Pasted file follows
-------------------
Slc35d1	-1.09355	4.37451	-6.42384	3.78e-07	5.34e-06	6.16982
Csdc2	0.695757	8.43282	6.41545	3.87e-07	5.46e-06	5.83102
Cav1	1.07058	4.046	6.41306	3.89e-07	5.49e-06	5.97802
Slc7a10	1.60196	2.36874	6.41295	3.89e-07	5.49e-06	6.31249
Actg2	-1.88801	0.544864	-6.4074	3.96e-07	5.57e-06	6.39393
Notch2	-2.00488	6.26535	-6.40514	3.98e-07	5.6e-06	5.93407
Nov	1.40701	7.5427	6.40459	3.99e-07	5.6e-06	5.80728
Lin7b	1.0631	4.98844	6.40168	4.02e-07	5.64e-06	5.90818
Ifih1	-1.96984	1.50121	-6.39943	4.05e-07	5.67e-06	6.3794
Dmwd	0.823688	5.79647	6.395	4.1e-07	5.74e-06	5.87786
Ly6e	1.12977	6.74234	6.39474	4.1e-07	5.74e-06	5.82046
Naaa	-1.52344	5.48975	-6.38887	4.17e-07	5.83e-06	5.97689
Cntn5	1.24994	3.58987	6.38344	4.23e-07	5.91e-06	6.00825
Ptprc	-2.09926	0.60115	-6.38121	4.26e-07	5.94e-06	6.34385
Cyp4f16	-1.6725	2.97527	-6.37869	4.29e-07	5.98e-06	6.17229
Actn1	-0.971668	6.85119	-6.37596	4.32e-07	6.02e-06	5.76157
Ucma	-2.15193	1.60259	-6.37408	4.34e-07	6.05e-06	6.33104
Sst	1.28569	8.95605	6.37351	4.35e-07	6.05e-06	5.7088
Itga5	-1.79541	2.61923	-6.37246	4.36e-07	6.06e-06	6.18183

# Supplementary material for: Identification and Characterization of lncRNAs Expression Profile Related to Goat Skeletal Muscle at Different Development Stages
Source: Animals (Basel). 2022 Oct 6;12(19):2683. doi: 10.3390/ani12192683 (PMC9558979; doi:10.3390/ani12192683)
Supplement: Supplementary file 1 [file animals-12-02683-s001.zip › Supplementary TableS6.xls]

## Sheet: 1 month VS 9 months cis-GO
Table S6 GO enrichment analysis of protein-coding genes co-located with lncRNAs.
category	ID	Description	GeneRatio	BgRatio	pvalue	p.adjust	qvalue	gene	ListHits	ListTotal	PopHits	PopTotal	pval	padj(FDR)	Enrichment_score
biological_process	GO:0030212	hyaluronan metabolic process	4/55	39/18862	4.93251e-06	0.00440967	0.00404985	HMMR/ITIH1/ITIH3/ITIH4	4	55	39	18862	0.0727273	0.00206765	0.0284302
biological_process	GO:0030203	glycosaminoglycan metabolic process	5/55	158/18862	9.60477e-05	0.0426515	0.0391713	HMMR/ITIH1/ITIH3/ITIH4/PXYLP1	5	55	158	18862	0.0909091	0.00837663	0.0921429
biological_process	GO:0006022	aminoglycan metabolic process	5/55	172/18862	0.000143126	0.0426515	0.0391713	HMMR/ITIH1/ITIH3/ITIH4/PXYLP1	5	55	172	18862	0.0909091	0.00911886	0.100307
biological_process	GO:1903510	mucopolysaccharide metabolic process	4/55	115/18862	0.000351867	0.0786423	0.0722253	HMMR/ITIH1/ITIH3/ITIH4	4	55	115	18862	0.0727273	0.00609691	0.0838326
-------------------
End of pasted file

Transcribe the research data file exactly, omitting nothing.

Slc35d1	-1.09355	4.37451	-6.42384	3.78e-07	5.34e-06	6.16982
Csdc2	0.695757	8.43282	6.41545	3.87e-07	5.46e-06	5.83102
Cav1	1.07058	4.046	6.41306	3.89e-07	5.49e-06	5.97802
Slc7a10	1.60196	2.36874	6.41295	3.89e-07	5.49e-06	6.31249
Actg2	-1.88801	0.544864	-6.4074	3.96e-07	5.57e-06	6.39393
Notch2	-2.00488	6.26535	-6.40514	3.98e-07	5.6e-06	5.93407
Nov	1.40701	7.5427	6.40459	3.99e-07	5.6e-06	5.80728
Lin7b	1.0631	4.98844	6.40168	4.02e-07	5.64e-06	5.90818
Ifih1	-1.96984	1.50121	-6.39943	4.05e-07	5.67e-06	6.3794
Dmwd	0.823688	5.79647	6.395	4.1e-07	5.74e-06	5.87786
Ly6e	1.12977	6.74234	6.39474	4.1e-07	5.74e-06	5.82046
Naaa	-1.52344	5.48975	-6.38887	4.17e-07	5.83e-06	5.97689
Cntn5	1.24994	3.58987	6.38344	4.23e-07	5.91e-06	6.00825
Ptprc	-2.09926	0.60115	-6.38121	4.26e-07	5.94e-06	6.34385
Cyp4f16	-1.6725	2.97527	-6.37869	4.29e-07	5.98e-06	6.17229
Actn1	-0.971668	6.85119	-6.37596	4.32e-07	6.02e-06	5.76157
Ucma	-2.15193	1.60259	-6.37408	4.34e-07	6.05e-06	6.33104
Sst	1.28569	8.95605	6.37351	4.35e-07	6.05e-06	5.7088
Itga5	-1.79541	2.61923	-6.37246	4.36e-07	6.06e-06	6.18183

# Supplementary material for: Identification and Characterization of lncRNAs Expression Profile Related to Goat Skeletal Muscle at Different Development Stages
Source: Animals (Basel). 2022 Oct 6;12(19):2683. doi: 10.3390/ani12192683 (PMC9558979; doi:10.3390/ani12192683)
Supplement: Supplementary file 1 [file animals-12-02683-s001.zip › Supplementary TableS6.xls]

## Sheet: 1 month VS 9 months cis-GO
Table S6 GO enrichment analysis of protein-coding genes co-located with lncRNAs.
category	ID	Description	GeneRatio	BgRatio	pvalue	p.adjust	qvalue	gene	ListHits	ListTotal	PopHits	PopTotal	pval	padj(FDR)	Enrichment_score
biological_process	GO:0030212	hyaluronan metabolic process	4/55	39/18862	4.93251e-06	0.00440967	0.00404985	HMMR/ITIH1/ITIH3/ITIH4	4	55	39	18862	0.0727273	0.00206765	0.0284302
biological_process	GO:0030203	glycosaminoglycan metabolic process	5/55	158/18862	9.60477e-05	0.0426515	0.0391713	HMMR/ITIH1/ITIH3/ITIH4/PXYLP1	5	55	158	18862	0.0909091	0.00837663	0.0921429
biological_process	GO:0006022	aminoglycan metabolic process	5/55	172/18862	0.000143126	0.0426515	0.0391713	HMMR/ITIH1/ITIH3/ITIH4/PXYLP1	5	55	172	18862	0.0909091	0.00911886	0.100307
biological_process	GO:1903510	mucopolysaccharide metabolic process	4/55	115/18862	0.000351867	0.0786423	0.0722253	HMMR/ITIH1/ITIH3/ITIH4	4	55	115	18862	0.0727273	0.00609691	0.0838326